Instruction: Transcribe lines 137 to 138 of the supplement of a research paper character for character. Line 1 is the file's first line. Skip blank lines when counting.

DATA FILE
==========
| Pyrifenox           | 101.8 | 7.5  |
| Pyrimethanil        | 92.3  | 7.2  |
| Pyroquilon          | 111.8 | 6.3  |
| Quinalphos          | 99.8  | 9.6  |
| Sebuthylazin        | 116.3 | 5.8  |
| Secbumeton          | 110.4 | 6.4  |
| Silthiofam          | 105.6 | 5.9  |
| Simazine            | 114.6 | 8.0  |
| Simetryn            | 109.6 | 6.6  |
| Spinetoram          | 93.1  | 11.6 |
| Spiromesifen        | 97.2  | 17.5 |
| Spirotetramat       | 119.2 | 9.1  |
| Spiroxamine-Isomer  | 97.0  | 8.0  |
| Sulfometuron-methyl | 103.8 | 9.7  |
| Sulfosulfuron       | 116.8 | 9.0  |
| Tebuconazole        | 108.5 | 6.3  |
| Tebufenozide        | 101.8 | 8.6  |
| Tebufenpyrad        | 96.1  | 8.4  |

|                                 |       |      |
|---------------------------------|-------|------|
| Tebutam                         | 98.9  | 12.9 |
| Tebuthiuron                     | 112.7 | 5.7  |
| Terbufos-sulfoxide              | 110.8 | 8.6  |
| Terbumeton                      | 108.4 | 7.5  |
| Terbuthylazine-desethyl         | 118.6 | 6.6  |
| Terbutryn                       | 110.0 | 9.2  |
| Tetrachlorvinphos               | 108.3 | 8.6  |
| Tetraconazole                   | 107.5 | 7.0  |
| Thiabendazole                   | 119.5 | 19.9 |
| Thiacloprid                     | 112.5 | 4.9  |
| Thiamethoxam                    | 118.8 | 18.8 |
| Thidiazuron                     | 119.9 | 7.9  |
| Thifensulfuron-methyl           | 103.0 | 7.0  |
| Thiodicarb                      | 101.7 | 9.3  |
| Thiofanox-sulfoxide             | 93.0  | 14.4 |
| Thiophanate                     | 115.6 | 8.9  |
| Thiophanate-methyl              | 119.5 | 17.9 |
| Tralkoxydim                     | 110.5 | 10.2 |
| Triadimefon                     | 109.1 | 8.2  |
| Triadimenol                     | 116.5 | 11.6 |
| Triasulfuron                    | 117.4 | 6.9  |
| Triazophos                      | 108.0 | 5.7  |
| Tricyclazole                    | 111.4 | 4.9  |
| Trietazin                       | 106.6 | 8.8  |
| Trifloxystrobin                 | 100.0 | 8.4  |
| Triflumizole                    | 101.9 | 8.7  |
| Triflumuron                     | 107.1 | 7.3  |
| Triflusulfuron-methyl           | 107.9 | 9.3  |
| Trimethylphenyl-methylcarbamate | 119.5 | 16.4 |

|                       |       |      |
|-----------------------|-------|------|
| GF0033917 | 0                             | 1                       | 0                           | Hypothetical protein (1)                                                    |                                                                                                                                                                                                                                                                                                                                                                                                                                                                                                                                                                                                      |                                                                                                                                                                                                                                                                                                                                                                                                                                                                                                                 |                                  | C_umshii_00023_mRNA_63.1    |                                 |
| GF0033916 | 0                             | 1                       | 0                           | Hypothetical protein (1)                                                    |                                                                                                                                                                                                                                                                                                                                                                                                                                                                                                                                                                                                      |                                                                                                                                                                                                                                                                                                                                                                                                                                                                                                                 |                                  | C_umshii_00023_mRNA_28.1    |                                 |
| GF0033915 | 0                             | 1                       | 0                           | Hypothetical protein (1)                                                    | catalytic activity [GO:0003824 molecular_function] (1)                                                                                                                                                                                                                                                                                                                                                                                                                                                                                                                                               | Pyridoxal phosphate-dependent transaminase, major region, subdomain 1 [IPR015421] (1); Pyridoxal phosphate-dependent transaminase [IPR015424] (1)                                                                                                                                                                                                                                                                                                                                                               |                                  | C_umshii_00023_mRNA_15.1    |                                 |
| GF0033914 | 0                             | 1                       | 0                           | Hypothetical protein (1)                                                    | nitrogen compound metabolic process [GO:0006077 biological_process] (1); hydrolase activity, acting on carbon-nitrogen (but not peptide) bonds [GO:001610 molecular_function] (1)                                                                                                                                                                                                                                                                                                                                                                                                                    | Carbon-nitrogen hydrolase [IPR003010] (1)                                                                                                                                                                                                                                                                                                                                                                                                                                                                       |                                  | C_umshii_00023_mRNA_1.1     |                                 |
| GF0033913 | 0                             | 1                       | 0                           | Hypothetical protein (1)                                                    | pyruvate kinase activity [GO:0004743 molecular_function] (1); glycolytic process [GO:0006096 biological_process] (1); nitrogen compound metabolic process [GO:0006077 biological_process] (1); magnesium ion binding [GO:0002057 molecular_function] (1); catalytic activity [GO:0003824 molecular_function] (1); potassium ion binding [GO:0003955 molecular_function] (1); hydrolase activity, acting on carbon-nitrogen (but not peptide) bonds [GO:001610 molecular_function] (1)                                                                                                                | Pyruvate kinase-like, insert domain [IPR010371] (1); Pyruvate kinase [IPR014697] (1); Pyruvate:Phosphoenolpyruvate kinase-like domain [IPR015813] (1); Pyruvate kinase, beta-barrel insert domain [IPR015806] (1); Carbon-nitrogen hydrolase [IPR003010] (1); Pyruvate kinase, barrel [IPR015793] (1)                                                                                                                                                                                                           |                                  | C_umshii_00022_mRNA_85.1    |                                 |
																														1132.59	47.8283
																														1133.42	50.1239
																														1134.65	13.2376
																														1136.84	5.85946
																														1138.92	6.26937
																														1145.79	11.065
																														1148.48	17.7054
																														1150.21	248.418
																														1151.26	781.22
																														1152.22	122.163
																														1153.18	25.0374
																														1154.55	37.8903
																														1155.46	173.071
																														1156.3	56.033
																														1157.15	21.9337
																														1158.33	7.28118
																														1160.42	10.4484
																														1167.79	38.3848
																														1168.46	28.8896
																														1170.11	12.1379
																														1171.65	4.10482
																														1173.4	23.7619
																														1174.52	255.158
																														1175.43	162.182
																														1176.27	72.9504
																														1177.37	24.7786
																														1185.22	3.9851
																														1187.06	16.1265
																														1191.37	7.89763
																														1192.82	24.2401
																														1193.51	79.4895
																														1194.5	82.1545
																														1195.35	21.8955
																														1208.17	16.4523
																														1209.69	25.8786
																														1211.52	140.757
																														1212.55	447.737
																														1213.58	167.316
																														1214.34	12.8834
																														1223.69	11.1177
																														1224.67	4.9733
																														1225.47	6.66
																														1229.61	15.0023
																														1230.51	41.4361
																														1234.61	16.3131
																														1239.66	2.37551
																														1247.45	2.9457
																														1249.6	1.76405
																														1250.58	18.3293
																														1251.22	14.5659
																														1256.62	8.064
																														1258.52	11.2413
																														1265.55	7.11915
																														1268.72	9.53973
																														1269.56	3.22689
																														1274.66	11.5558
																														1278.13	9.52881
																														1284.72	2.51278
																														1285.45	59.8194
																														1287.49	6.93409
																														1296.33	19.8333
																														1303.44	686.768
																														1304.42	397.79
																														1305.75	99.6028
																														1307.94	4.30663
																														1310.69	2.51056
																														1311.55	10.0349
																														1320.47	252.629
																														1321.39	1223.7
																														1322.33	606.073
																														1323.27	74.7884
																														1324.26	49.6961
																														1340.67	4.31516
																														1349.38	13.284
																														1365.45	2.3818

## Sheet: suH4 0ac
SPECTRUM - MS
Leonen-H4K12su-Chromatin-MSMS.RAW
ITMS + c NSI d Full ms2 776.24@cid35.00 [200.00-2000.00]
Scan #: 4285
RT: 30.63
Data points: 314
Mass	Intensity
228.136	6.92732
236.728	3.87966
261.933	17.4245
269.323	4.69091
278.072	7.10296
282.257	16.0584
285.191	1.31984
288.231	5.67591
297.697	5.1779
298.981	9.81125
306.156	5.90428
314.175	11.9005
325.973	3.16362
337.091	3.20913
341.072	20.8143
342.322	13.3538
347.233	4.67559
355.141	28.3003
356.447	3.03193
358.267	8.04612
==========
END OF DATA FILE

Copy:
RT: 30.63
Data points: 314